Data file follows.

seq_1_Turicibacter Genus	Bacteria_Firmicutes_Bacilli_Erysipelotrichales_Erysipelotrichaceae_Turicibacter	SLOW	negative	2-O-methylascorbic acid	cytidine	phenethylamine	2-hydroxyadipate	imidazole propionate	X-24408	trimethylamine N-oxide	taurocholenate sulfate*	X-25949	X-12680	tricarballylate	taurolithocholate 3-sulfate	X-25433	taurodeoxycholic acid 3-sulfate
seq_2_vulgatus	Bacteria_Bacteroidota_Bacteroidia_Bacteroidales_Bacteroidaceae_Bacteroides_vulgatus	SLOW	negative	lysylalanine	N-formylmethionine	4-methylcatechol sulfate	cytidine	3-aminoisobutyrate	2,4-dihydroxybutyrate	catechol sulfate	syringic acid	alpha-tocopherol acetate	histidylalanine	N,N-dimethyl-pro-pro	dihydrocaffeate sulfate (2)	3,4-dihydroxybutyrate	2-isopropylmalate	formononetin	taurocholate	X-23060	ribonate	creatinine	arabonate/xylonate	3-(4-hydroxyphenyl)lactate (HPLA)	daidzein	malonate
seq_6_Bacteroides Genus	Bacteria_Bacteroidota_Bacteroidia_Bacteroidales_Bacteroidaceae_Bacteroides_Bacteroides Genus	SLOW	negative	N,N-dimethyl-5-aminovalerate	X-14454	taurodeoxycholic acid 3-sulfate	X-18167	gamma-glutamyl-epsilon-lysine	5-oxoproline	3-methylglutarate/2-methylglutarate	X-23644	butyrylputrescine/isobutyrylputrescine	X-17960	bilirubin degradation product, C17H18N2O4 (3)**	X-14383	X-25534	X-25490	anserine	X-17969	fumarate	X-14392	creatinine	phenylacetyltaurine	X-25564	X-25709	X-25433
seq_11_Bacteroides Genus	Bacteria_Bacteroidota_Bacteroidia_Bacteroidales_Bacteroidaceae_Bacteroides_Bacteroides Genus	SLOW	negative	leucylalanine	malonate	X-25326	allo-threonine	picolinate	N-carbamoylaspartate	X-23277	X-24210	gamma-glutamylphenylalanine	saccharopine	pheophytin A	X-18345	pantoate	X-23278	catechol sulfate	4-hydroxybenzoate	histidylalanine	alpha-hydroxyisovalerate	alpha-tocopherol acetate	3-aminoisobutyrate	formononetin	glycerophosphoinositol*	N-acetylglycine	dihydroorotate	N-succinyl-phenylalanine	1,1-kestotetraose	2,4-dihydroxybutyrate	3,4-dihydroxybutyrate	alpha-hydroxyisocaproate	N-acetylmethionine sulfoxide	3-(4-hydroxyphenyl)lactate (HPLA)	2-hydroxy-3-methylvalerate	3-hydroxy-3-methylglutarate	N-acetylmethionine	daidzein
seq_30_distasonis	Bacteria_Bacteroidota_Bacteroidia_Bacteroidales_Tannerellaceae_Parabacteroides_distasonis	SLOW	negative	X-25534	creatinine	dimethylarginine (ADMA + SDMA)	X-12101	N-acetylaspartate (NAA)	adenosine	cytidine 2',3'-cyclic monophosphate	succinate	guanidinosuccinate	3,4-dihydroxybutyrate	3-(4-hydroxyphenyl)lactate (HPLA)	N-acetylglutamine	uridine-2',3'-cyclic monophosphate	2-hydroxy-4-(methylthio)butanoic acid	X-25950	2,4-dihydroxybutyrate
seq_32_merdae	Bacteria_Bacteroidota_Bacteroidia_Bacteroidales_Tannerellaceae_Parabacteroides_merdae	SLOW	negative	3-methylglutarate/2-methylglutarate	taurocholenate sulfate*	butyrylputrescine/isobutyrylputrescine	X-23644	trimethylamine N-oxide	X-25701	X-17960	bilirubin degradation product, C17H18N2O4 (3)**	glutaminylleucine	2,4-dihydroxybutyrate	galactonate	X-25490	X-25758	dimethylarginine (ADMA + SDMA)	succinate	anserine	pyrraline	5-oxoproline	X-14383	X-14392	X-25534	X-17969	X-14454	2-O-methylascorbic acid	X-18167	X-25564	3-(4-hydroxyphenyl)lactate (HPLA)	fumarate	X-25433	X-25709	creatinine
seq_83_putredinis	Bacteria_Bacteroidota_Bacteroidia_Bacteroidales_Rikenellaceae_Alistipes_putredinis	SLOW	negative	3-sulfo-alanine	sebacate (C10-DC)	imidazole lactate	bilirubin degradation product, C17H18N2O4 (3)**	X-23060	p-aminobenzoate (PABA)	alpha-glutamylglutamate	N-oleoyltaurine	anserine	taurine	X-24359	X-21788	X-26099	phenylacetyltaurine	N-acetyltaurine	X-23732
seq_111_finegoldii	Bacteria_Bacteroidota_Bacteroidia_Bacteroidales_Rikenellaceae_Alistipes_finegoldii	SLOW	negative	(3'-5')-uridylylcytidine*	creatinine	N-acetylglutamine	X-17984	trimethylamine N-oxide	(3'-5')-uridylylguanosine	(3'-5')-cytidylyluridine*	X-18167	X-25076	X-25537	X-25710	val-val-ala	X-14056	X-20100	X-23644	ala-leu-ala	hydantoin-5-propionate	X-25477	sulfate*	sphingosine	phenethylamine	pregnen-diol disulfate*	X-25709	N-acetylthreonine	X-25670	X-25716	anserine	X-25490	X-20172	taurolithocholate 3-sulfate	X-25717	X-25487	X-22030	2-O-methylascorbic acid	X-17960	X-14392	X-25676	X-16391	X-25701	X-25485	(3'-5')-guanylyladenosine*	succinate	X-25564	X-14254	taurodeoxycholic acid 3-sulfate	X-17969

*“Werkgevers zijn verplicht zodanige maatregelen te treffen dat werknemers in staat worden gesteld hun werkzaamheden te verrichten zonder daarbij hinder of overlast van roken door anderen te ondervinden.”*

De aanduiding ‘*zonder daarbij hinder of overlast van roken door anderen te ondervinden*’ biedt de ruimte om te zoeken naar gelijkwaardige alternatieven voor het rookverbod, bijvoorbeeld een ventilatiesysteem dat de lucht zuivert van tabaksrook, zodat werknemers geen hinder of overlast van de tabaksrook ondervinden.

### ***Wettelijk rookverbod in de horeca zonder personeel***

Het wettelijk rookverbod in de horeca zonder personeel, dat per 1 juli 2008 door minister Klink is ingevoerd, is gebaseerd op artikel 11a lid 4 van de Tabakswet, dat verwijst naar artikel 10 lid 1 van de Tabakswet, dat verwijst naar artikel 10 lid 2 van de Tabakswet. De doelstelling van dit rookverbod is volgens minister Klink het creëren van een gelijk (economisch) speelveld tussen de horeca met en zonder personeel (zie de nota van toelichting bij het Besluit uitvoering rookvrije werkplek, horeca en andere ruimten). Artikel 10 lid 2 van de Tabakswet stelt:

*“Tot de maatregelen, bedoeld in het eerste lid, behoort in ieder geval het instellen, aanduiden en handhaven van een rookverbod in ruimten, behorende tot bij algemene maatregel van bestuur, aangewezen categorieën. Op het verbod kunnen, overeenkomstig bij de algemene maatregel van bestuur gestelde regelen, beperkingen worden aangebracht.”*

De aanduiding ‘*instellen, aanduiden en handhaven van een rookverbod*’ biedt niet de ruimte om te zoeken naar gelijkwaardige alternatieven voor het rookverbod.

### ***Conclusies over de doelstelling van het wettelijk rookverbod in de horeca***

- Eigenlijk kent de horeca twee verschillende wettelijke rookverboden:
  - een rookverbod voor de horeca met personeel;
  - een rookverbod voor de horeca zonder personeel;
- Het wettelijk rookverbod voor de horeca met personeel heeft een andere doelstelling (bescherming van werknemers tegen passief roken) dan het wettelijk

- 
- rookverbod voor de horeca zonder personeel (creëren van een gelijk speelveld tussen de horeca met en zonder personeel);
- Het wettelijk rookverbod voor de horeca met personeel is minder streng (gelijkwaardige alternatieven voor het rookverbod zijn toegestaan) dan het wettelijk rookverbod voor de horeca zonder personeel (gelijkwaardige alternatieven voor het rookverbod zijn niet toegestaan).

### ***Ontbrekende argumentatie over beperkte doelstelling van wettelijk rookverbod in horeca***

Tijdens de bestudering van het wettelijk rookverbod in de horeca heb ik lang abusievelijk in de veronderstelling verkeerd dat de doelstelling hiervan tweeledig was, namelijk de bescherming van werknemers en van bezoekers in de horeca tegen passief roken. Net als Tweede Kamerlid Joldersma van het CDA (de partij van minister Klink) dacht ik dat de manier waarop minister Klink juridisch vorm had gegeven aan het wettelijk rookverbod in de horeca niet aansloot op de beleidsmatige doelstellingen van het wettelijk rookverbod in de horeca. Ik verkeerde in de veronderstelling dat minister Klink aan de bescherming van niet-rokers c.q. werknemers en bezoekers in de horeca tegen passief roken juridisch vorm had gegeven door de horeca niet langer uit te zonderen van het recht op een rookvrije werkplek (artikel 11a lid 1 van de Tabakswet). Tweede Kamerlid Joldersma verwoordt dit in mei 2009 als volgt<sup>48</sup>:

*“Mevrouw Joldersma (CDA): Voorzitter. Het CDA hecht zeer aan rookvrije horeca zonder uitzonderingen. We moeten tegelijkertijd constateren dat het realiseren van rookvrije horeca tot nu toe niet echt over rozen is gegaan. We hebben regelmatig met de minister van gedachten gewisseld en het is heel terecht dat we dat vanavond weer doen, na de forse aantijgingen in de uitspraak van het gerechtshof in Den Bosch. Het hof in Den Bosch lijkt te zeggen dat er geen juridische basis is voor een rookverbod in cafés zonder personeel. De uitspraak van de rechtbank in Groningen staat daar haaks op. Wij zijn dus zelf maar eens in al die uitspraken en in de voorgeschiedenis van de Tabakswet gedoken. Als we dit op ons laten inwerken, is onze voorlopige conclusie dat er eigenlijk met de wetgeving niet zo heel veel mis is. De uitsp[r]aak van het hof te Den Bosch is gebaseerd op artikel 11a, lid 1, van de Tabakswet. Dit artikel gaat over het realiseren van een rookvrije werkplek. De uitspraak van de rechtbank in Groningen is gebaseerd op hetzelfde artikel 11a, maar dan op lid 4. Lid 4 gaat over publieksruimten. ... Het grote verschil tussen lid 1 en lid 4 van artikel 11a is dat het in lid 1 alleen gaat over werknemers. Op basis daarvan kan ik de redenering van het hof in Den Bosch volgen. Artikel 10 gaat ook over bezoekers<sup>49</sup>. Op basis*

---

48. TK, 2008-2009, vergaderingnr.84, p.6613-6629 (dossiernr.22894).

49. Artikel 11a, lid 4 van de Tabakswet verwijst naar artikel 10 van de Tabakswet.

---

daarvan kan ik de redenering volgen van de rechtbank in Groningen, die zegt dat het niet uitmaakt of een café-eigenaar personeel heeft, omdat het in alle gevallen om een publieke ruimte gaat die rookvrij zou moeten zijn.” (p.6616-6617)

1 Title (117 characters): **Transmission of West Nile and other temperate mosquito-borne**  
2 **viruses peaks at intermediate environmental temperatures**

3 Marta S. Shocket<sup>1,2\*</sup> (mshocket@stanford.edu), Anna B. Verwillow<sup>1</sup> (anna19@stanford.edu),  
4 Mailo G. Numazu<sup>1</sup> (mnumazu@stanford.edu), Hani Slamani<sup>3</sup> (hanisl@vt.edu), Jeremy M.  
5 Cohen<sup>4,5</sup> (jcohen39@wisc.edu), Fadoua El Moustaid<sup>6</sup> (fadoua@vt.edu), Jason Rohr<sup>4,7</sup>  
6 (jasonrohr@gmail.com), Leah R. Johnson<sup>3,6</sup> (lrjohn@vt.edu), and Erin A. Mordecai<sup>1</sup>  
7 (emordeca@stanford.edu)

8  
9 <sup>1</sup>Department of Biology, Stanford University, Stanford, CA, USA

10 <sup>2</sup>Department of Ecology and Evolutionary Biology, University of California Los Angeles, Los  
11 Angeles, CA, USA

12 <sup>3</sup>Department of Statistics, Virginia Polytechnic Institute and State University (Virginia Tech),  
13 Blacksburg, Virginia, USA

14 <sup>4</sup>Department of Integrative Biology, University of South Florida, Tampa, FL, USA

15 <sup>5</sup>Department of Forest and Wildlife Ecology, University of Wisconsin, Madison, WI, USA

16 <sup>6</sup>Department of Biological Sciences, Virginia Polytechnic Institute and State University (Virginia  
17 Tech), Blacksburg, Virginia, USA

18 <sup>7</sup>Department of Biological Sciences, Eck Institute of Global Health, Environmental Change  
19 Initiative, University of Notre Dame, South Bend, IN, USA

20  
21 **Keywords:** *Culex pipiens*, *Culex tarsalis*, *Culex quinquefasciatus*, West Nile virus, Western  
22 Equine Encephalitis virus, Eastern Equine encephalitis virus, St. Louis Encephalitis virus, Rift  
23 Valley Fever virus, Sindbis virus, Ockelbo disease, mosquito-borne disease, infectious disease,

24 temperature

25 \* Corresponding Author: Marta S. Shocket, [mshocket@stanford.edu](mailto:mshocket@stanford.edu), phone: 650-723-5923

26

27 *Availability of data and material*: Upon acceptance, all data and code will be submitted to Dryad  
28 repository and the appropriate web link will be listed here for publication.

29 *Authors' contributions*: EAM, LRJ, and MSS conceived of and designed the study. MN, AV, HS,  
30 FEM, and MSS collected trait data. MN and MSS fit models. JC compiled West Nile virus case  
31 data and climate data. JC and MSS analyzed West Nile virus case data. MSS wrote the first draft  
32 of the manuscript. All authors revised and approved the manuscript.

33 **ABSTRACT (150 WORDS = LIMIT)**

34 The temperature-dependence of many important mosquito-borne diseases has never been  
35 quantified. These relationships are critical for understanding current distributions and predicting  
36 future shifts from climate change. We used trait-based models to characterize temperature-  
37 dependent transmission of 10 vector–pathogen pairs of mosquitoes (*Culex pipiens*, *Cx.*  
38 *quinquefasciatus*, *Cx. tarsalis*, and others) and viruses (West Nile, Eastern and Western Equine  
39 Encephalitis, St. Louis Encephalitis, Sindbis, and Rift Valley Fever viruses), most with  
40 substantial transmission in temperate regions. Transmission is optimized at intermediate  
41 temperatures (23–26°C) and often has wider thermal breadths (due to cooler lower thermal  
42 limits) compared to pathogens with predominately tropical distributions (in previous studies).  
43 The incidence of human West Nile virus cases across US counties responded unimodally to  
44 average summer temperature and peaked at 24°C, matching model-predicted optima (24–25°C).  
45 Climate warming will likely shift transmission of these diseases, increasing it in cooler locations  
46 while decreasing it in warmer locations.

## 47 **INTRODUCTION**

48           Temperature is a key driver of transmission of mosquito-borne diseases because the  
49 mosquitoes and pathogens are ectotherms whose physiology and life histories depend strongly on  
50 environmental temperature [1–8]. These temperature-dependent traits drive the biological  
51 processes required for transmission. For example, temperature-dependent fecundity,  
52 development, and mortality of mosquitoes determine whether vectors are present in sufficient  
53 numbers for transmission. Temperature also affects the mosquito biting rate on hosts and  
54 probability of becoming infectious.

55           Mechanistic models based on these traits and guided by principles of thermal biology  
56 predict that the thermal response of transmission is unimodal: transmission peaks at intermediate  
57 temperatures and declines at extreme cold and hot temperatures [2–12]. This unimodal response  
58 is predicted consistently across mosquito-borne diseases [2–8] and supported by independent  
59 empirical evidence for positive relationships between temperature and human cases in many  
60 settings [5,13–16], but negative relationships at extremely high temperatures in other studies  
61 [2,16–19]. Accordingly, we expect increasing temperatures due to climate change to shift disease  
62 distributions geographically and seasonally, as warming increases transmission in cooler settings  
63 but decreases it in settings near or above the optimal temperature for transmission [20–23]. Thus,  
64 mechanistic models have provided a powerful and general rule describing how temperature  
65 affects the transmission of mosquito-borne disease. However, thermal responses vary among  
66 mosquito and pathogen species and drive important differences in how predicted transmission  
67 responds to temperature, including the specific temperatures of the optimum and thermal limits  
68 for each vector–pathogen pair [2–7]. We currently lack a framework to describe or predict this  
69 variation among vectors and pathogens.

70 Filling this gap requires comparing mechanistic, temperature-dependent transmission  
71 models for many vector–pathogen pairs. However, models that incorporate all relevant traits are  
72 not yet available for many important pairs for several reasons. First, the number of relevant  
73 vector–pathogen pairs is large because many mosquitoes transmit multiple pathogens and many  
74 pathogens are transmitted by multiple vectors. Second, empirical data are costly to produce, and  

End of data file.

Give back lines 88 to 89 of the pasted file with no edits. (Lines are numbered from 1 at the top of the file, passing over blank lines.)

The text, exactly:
58 is predicted consistently across mosquito-borne diseases [2–8] and supported by independent  
59 empirical evidence for positive relationships between temperature and human cases in many  